'You are Here' to be More Precise than Ever
Have you ever met a person who can never tell where they are without checking a GPS device? Before they can know where they are, the satellites have to know, and NASA is working to improve this information greatly. Though a regular person will not need the sub-millimeter precision the project will allow more, many science experiments do need to know exact distances.
At the moment there are four primary methods to determining a position; GPS, Very Long Baseline Interferometry (VLBI), Satellite Laser Ranging (SLR), and Doppler Orbitography and Radiopositioning Integrated by Satellite (DORIS). A brief description of each method is at the end of the post.
At the moment though, only two sites use all four methods to determine their positions; one at the Goddard Space Flight Center and the other in Johannesburg, South Africa. NASA hopes to create or upgrade multiple stations to use all four independent methods. Along with enhancements to the individual methods to increase precision, NASA has developed a vector tie system to further improve results. Though there are stations that can collect data using different methods, the data is not combined to come up with a single result with superior accuracy to the methods. To accomplish this, not only will the data be combined, but also lasers will be used to measure the distance between the ground components of each method.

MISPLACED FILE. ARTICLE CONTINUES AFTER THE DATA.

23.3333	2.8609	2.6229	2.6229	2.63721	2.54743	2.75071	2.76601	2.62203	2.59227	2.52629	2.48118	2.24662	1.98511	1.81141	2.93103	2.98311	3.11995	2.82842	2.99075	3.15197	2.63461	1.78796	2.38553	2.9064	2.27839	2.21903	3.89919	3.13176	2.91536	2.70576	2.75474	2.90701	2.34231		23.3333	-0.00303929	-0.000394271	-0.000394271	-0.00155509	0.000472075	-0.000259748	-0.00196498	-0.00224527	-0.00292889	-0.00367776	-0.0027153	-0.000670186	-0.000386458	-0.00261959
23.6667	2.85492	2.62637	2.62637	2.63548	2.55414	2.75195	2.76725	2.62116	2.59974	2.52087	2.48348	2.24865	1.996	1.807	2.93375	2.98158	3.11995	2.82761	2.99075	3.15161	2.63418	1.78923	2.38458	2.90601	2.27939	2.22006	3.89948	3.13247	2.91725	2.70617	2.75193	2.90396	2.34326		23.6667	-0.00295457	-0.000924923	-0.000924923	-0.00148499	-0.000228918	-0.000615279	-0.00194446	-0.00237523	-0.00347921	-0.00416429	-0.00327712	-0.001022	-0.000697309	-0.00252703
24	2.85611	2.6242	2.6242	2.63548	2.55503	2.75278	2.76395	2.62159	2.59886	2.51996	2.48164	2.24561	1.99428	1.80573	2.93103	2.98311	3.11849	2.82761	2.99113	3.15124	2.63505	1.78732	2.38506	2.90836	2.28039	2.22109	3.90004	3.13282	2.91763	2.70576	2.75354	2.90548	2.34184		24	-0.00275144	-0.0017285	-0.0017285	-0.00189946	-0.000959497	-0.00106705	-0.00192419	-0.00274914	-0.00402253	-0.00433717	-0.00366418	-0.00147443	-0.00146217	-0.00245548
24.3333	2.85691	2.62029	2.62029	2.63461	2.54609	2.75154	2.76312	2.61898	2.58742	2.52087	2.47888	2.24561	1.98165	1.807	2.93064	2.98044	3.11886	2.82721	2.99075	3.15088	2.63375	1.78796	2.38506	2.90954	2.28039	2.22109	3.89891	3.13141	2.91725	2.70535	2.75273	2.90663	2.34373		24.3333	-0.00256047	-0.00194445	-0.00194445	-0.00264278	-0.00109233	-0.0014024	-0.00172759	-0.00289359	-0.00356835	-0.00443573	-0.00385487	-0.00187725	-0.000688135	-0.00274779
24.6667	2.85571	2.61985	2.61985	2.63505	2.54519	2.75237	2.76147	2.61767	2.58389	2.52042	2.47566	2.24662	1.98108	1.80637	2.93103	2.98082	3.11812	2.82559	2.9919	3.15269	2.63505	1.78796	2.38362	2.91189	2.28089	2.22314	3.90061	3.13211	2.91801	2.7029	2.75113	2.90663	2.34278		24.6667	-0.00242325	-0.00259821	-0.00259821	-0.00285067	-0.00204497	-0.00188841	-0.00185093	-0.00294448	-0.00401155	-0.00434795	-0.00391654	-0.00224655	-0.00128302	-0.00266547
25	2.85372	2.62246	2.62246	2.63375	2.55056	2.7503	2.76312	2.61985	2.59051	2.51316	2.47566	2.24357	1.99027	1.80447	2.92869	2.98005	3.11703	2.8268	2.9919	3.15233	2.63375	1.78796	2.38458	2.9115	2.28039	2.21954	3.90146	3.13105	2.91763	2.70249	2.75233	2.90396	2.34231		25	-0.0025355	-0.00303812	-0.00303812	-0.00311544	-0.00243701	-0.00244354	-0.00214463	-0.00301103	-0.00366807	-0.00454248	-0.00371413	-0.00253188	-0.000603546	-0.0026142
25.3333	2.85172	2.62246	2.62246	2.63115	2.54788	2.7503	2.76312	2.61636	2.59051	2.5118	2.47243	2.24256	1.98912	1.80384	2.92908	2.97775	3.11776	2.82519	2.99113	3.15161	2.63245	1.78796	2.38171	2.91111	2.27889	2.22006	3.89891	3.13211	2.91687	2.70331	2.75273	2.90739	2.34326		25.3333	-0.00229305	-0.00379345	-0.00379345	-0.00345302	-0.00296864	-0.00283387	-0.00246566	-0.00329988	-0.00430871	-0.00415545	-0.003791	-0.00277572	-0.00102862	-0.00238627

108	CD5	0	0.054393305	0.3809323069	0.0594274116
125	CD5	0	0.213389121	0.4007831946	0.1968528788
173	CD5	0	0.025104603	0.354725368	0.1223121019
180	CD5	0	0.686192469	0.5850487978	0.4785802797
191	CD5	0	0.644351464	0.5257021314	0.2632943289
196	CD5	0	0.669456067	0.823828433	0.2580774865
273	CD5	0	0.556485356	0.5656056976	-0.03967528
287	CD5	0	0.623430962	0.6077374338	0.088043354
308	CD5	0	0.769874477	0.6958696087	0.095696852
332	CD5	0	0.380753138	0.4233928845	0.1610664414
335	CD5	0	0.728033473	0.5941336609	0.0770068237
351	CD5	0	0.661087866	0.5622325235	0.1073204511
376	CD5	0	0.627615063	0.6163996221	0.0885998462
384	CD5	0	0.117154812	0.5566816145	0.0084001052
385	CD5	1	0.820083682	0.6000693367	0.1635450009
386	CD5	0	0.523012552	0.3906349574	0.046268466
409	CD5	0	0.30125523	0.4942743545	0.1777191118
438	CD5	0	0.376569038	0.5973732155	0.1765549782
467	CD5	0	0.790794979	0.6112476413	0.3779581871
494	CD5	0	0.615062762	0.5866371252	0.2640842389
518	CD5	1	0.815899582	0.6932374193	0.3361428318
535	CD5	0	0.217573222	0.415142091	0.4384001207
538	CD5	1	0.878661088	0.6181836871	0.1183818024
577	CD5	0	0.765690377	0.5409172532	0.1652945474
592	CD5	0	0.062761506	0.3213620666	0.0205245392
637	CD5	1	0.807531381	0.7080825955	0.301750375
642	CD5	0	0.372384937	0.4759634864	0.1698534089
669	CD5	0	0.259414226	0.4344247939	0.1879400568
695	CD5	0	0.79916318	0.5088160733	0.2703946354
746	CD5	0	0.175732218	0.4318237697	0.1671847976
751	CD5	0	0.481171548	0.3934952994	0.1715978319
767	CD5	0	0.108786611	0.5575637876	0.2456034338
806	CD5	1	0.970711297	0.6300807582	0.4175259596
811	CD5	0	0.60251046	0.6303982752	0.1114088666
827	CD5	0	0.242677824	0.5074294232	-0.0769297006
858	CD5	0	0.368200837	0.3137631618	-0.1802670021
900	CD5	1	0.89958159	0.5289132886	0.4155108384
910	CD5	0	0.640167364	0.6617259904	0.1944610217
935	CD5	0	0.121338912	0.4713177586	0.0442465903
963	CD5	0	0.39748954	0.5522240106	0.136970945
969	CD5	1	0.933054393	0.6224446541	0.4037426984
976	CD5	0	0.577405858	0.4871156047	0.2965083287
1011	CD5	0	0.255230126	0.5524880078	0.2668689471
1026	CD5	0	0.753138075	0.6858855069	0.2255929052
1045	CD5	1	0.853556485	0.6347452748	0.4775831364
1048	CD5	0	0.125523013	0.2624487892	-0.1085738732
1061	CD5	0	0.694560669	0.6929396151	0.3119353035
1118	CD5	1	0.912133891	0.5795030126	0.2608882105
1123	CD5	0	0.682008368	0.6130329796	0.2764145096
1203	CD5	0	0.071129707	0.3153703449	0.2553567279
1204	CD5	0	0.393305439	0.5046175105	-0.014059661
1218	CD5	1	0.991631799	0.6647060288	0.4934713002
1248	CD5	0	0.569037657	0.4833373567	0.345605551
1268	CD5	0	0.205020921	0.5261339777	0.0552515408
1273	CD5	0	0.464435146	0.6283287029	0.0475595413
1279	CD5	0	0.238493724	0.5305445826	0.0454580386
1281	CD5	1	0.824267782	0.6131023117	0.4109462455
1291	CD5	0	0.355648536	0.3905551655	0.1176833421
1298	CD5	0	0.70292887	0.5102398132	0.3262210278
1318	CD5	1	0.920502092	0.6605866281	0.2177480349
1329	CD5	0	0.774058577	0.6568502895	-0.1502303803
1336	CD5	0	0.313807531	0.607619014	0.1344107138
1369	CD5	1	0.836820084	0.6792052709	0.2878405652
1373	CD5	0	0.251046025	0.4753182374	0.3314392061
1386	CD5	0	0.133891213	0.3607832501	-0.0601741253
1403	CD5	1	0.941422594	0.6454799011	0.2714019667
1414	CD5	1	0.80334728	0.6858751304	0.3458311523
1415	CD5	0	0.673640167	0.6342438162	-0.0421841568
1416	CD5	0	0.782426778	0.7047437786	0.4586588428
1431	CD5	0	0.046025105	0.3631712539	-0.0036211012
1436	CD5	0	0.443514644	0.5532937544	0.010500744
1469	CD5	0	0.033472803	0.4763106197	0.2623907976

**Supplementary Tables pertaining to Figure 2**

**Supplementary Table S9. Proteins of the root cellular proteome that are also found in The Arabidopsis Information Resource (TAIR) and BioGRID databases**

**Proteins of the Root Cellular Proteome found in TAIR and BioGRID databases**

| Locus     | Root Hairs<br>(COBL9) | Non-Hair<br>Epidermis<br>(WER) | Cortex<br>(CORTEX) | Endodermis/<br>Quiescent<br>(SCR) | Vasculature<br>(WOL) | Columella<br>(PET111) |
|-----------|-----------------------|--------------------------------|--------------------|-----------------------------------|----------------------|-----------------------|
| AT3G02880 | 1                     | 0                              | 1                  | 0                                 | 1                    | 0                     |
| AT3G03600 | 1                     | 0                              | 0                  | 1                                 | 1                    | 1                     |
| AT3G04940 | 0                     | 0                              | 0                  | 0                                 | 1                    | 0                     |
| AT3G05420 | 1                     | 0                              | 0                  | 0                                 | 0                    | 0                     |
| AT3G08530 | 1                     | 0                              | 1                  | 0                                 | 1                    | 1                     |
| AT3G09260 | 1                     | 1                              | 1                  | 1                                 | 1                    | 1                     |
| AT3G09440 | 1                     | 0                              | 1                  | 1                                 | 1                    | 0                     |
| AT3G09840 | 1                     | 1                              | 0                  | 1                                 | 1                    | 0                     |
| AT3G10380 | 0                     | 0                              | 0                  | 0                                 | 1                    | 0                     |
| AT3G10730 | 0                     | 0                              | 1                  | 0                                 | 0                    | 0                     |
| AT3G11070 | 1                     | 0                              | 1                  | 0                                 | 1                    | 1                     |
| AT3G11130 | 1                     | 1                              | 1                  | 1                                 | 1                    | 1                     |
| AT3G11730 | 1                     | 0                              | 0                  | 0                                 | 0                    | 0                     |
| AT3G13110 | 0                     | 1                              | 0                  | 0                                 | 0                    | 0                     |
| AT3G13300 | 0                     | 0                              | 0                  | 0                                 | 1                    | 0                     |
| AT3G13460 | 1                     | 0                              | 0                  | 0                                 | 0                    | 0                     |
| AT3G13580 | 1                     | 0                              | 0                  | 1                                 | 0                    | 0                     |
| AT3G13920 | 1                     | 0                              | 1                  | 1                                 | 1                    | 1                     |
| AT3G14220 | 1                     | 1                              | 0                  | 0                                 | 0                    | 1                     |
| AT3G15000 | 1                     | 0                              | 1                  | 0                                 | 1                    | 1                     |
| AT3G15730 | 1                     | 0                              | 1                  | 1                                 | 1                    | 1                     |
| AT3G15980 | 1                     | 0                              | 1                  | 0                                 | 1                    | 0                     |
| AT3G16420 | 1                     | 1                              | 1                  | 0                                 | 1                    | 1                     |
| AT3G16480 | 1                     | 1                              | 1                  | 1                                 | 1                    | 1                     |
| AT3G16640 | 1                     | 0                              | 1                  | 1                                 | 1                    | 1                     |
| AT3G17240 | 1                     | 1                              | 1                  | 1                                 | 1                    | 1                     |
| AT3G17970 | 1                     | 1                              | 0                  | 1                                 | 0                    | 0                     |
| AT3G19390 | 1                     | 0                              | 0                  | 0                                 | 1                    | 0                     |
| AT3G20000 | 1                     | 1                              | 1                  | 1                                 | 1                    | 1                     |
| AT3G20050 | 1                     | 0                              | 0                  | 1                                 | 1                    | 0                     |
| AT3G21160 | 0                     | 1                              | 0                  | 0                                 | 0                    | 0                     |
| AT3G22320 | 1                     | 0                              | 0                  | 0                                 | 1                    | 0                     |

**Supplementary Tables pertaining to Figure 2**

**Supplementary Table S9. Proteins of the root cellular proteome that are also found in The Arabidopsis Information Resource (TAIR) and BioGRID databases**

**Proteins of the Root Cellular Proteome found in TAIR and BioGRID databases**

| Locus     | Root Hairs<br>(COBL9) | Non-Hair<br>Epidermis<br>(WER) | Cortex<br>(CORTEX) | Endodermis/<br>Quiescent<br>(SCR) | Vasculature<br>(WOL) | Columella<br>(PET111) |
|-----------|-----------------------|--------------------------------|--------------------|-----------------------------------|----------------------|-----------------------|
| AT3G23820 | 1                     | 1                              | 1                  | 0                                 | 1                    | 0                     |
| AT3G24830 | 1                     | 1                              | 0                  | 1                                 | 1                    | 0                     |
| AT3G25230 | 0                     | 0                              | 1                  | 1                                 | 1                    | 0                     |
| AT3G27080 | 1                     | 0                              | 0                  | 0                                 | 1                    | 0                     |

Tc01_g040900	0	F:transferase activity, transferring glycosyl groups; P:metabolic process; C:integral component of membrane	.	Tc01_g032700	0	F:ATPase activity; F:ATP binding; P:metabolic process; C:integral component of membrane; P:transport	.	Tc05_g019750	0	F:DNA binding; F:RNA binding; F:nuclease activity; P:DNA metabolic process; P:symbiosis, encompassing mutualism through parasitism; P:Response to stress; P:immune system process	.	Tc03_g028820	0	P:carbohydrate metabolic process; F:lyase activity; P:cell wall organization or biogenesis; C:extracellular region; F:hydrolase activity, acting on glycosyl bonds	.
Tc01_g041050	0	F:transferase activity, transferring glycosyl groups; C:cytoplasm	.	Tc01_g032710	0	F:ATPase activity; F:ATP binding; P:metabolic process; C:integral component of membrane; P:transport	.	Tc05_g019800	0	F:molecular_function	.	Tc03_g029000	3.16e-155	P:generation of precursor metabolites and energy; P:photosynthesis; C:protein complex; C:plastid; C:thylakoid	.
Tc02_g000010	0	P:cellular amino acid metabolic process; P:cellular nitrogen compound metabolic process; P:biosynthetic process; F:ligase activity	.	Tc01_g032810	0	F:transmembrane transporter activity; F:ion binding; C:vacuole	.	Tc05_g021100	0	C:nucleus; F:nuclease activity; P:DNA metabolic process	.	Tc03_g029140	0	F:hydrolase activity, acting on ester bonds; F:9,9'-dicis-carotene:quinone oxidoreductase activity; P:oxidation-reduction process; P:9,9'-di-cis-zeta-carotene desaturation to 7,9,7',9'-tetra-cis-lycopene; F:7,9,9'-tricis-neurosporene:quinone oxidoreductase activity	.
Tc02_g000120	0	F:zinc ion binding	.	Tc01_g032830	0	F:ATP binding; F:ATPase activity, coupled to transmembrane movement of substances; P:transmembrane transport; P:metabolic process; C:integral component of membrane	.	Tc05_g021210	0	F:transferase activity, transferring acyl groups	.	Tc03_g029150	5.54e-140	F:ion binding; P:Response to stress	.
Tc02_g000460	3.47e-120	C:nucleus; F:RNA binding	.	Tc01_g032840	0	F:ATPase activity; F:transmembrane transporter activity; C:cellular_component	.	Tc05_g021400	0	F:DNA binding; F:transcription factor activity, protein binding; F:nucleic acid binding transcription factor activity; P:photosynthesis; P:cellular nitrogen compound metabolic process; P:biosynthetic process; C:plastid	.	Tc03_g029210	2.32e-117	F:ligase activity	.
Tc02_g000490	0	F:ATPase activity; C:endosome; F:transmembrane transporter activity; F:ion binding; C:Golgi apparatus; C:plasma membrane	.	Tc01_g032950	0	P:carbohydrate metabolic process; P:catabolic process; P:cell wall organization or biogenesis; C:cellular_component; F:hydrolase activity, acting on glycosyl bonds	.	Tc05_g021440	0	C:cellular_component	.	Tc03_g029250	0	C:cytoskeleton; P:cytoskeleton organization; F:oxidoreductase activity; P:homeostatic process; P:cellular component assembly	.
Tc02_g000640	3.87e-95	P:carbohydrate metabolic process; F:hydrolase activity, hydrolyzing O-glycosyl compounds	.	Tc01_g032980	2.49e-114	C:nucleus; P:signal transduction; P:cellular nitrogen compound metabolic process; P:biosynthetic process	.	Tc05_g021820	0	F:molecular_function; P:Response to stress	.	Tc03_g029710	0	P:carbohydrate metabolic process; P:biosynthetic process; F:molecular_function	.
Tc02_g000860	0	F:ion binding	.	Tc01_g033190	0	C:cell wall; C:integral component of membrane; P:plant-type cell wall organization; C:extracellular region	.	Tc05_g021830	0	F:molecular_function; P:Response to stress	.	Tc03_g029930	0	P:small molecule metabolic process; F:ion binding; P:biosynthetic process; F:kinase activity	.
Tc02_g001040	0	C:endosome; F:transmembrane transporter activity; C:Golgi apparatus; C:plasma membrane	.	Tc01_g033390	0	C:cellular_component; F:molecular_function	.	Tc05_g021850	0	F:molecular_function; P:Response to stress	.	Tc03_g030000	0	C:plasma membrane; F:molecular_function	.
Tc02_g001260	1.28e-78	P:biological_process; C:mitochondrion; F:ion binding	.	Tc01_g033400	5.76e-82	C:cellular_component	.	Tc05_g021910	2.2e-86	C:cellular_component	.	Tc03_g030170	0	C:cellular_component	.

Numerous agencies across the planet will take advantage of the information these proposed stations will produce, and many of these agencies will also be involved in the development and deployment.
Descriptions of the different positioning methods:
- GPS works by measuring the time it takes a signal to reach a minimum of four satellites. The time measurement is then used to determine a distance from each satellite, so you need to know where they are for it to work.
- VLBI measures the time it takes for a signal detected at one telescope to be detected at others. This allows the geometry between the observatories to be determined.
- SLR exploits the fact that satellites rotate about Earth’s center of gravity and measures their altitude by bouncing signals off of them.
- DORIS also measures the distance satellites are from Earth, but relies on the Doppler Effect instead of time-of-flight.